The Future of U.S. Federal Citizen Science and Crowdsourcing
STIP interviewed twelve representatives of the Federal Community of practice and Agency Coordinators and conducted desk research to compile 10 strategic recommendations for advancing U.S. federal policies and programs in citizen science and crowdsourcing to facilitate the transfer of knowledge on this incredible momentum. Please join us to celebrate the history of the U.S. federal movement in citizen science and crowdsourcing and for a dialogue on the future of the practice.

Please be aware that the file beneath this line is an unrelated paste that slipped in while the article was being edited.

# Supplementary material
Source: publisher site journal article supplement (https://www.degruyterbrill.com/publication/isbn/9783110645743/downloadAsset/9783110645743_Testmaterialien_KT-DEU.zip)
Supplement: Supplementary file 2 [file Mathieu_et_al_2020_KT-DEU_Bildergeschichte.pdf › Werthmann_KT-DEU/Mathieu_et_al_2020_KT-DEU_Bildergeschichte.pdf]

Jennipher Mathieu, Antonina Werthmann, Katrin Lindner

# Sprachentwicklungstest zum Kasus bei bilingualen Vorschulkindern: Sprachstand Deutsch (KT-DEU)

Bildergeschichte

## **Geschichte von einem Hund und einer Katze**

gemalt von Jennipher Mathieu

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Follow this event via the live webcast and @STIPCommonsLab with #citsci. Citizen Science and Crowdsourcing, a form of open innovation that engages the public in authentic scientific research, has many documented benefits like advancing research, STEM education and addressing societal needs. This method has gained significant momentum in the U.S. Federal government in the past four years. In September 2015 the White House issued a memorandum asking federal agencies to report on their citizen science and crowdsourcing projects and appoint coordinators within each agency. In 2016 we witnessed the launch of www.citizenscience.gov, a platform with an extensive toolkit on how to conduct these projects as well as a catalog and community hub. In addition to these Executive Branch initiatives, a grassroots Federal Community of Practice for Crowdsourcing and Citizen Science (CCS) has emerged with 300 members across 59 agencies. The Science and Technology Program (STIP) at the Wilson Center has played a role in encouraging this momentum, providing support through building a cartographic catalog of federally supported citizen science and crowdsourcing projects and through extensive research into some of the legal, administrative and intellectual property concerns for conducting projects within the Federal government. However, a new Administration often brings new priorities, and it’s vital to preserve this momentum and history for new leadership. STIP conducted interviews with twelve representatives of the Federal Community of practice and Agency Coordinators and conducted desk research to compile 10 strategic recommendations for advancing federal policies and programs in citizen science and crowdsourcing to facilitate the transfer of knowledge on this incredible momentum. Please join us for a discussion of these recommendations, a celebration of the history of the movement and a dialogue on the future of citizen science and crowdsourcing in the Federal government. We will be livetweeting this event at @STIPCommonsLab. Follow us to learn more. This event will be live webcast. 1:30 - 1:35 Introductions & Welcome Elizabeth Tyson, Science & Technology Innovation Program (STIP), Wilson Center1:35 - 1:45 Administrative ChangeDavid Rejeski, Global Fellow, Wilson Center1:45 - 2:00 Strategic Recommendations for Federal Citizen Science & CrowdsourcingElizabeth Tyson, STIP, Wilson Center2:00 - 2:10 The Federal Community of Practice on Citizen Science & CrowdsourcingJennifer Couch, National Institutes of Health2:10 - 2:15 History of Open Innovation at the Office of Science and Technology PolicyJenn Gustetic, National Aeronautics & Space Administration2:15 - 2:25 Formalizing Citizen Science & Crowdsourcing within a Federal AgencyHeidi Hadley, National Science Coordinator, Bureau of Land Management2:15 - 2:30 The Future of Federal Citizen Science & CrowdsourcingChris Nelson, Office of Science and Technology Policy2:30 - 3:00 Panel Q & A Moderated by: Anne Bowser, STIP, Wilson Center
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